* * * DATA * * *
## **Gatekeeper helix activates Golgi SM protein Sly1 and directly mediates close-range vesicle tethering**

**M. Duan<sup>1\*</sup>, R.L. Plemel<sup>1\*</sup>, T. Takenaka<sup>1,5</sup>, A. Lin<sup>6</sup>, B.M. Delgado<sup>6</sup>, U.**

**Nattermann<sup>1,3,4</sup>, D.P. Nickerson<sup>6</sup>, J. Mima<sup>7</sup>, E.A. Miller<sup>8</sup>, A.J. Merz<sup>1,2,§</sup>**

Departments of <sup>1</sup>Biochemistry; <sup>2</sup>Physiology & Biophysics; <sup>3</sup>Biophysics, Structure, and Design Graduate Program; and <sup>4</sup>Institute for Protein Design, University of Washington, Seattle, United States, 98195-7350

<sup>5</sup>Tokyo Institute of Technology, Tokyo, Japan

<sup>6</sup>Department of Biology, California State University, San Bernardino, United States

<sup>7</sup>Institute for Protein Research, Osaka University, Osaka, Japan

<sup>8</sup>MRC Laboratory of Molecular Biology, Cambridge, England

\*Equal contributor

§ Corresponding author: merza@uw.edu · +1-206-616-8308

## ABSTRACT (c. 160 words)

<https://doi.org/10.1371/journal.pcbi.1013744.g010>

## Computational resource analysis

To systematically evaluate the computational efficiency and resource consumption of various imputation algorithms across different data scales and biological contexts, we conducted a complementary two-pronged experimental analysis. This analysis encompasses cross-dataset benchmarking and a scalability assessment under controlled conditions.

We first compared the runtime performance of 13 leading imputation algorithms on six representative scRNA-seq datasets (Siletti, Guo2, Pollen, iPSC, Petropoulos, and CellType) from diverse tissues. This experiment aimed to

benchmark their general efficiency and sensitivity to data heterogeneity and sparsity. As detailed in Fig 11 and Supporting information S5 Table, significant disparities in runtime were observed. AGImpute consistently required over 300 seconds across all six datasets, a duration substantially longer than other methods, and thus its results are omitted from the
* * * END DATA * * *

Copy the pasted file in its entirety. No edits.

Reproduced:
## **Gatekeeper helix activates Golgi SM protein Sly1 and directly mediates close-range vesicle tethering**

**M. Duan<sup>1\*</sup>, R.L. Plemel<sup>1\*</sup>, T. Takenaka<sup>1,5</sup>, A. Lin<sup>6</sup>, B.M. Delgado<sup>6</sup>, U.**

**Nattermann<sup>1,3,4</sup>, D.P. Nickerson<sup>6</sup>, J. Mima<sup>7</sup>, E.A. Miller<sup>8</sup>, A.J. Merz<sup>1,2,§</sup>**

Departments of <sup>1</sup>Biochemistry; <sup>2</sup>Physiology & Biophysics; <sup>3</sup>Biophysics, Structure, and Design Graduate Program; and <sup>4</sup>Institute for Protein Design, University of Washington, Seattle, United States, 98195-7350

<sup>5</sup>Tokyo Institute of Technology, Tokyo, Japan

<sup>6</sup>Department of Biology, California State University, San Bernardino, United States

<sup>7</sup>Institute for Protein Research, Osaka University, Osaka, Japan

<sup>8</sup>MRC Laboratory of Molecular Biology, Cambridge, England

\*Equal contributor

§ Corresponding author: merza@uw.edu · +1-206-616-8308

## ABSTRACT (c. 160 words)

<https://doi.org/10.1371/journal.pcbi.1013744.g010>

## Computational resource analysis

To systematically evaluate the computational efficiency and resource consumption of various imputation algorithms across different data scales and biological contexts, we conducted a complementary two-pronged experimental analysis. This analysis encompasses cross-dataset benchmarking and a scalability assessment under controlled conditions.

We first compared the runtime performance of 13 leading imputation algorithms on six representative scRNA-seq datasets (Siletti, Guo2, Pollen, iPSC, Petropoulos, and CellType) from diverse tissues. This experiment aimed to

benchmark their general efficiency and sensitivity to data heterogeneity and sparsity. As detailed in Fig 11 and Supporting information S5 Table, significant disparities in runtime were observed. AGImpute consistently required over 300 seconds across all six datasets, a duration substantially longer than other methods, and thus its results are omitted from the